False claims to stoke populism

Upon reflection, these fear-dispelling images take on the appearance of propaganda. The closer one peers to WSB, the quicker one realises the veneer, and the less the community’s intentions seem so warm. The subreddit’s operations bordered on populism, perhaps nearing cultism, and they drew borders around members of the community to differentiate ‘diamond hand’ believers from the naysayer ‘paper hands’.

Furthermore, despite arbitrary perceptions of punishing rich men, the community was ignorant. Few rich people were wounded by the affair. In fact, many investment firms profited from the rocketing stock price. One hedge fund made $700 million off the back of it. There remains a probable chance businesses and their employees lurked in the community. Even at its peak, the GameStop revolution failed to be a David and Goliath story. For all those who made thousands, there were others who lost thousands. The insistence to ‘hold the line’ hit the target too well, and to this day there are thousands of DIY investors clutching onto vaporous dreams of overnight royals and riches. In a way, they are not to blame. Cynics may consider these people naïve, but ultimately, they were the victims of trickery. They bought into promises the community made. WSB became a microcosm of unfettered optimism and pressure to keep your money in the game. ‘You only lose if you sell’, they would say.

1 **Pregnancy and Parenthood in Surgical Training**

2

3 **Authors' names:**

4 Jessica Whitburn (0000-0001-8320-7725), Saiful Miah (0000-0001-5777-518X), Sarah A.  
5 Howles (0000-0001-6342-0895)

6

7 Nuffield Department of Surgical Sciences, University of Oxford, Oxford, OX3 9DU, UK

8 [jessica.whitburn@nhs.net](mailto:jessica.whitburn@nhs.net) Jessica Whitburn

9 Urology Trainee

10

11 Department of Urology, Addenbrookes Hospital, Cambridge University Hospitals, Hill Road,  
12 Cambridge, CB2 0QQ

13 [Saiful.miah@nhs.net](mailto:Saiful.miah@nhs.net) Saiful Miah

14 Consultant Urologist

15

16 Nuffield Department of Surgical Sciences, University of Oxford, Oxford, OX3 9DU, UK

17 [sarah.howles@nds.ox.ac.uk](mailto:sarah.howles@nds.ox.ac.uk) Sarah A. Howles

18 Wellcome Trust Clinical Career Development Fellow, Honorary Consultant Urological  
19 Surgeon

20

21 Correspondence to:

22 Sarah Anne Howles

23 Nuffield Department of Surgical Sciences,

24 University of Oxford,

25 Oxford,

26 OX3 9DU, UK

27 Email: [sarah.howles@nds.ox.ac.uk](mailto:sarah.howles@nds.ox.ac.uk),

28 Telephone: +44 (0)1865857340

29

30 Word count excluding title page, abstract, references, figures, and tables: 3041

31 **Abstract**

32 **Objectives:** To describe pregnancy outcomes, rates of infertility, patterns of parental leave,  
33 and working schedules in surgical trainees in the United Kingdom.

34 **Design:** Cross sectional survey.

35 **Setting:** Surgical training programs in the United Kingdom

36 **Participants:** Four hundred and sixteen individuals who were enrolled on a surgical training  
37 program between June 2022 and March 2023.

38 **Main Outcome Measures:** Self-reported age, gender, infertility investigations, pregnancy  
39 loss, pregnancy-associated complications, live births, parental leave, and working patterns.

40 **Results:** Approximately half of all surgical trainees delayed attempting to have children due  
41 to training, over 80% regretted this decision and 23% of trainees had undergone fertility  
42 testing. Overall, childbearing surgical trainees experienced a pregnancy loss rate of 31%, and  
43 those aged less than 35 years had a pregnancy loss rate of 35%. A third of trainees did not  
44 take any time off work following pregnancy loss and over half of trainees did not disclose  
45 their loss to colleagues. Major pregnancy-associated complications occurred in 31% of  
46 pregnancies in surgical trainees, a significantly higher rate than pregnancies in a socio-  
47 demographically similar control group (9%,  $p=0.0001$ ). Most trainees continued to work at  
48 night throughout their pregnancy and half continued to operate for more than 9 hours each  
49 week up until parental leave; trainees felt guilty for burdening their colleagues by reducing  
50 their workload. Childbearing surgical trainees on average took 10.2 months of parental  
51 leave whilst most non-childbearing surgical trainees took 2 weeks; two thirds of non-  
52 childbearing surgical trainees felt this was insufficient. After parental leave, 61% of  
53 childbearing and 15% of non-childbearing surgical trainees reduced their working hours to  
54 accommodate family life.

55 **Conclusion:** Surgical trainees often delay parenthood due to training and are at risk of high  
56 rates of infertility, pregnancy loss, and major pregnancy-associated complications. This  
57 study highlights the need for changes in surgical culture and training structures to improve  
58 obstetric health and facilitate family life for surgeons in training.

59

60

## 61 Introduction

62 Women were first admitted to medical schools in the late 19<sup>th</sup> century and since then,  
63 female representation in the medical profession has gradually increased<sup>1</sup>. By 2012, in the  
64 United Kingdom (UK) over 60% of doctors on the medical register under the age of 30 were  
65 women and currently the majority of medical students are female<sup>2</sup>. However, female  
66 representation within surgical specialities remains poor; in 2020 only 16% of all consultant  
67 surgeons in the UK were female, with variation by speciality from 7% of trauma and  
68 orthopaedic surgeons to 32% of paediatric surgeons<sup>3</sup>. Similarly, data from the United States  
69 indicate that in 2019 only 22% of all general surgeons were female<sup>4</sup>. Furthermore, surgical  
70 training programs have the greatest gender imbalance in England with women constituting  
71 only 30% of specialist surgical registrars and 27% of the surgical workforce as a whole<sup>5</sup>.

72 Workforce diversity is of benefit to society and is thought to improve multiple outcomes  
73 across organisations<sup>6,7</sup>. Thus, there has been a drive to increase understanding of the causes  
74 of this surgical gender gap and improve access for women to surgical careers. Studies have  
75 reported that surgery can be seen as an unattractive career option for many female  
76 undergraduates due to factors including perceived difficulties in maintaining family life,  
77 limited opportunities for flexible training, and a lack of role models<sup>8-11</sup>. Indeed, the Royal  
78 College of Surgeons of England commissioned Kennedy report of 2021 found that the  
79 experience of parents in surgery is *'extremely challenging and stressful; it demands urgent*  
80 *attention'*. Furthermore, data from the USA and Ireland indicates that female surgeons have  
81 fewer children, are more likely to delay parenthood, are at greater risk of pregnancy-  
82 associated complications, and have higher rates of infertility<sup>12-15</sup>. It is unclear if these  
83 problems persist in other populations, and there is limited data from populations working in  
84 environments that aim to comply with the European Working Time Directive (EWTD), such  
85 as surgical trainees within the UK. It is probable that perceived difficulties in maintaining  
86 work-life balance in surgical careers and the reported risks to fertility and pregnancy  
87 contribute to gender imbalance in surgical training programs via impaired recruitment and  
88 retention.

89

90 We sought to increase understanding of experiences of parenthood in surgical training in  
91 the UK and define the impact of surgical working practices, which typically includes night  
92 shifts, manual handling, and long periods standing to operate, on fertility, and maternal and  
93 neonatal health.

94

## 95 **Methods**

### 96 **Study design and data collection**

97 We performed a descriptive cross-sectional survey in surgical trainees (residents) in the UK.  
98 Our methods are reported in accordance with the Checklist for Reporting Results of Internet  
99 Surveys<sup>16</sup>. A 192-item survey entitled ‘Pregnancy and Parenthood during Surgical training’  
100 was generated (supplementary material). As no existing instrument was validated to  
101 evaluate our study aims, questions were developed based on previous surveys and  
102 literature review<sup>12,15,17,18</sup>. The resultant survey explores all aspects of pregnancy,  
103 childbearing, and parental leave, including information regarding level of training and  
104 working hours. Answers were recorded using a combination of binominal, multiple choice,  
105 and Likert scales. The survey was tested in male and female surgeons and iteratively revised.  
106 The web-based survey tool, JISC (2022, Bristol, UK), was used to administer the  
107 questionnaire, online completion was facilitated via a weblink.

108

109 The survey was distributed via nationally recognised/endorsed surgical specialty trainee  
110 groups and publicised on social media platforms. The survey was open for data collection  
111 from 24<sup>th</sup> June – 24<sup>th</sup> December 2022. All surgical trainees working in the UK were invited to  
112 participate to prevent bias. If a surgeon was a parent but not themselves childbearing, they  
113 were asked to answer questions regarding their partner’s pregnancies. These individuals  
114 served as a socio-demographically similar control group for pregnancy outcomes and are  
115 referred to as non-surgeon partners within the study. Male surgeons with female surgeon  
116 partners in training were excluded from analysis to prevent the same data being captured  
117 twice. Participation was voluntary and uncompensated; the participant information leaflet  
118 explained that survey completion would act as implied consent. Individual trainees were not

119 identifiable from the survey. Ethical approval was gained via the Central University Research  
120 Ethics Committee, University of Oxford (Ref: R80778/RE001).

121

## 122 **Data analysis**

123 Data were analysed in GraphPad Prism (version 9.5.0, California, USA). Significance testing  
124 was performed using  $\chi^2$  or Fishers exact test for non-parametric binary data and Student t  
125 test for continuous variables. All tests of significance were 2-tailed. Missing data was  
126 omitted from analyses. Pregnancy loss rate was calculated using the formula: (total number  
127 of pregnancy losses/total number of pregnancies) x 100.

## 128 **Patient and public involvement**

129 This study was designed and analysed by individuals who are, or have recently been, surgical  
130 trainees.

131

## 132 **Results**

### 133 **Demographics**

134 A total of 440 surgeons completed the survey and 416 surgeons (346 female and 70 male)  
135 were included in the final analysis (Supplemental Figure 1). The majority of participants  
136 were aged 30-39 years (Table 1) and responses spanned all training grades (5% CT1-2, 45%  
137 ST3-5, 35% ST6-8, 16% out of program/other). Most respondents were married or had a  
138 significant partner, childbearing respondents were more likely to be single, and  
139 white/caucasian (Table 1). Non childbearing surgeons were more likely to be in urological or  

Greed and the financial sector

GameStop may have failed, but the saga has had a dramatic impact on the internet’s interaction with and understanding of the financial sector. Whether WSB will ever admit it or not, greed made up part of the GameStop aspirations, and that greed does not dissipate quickly. Instead, users have shifted into cryptocurrencies and prompted capricious ups and downs in the price of Bitcoin and Dogecoin, as one example.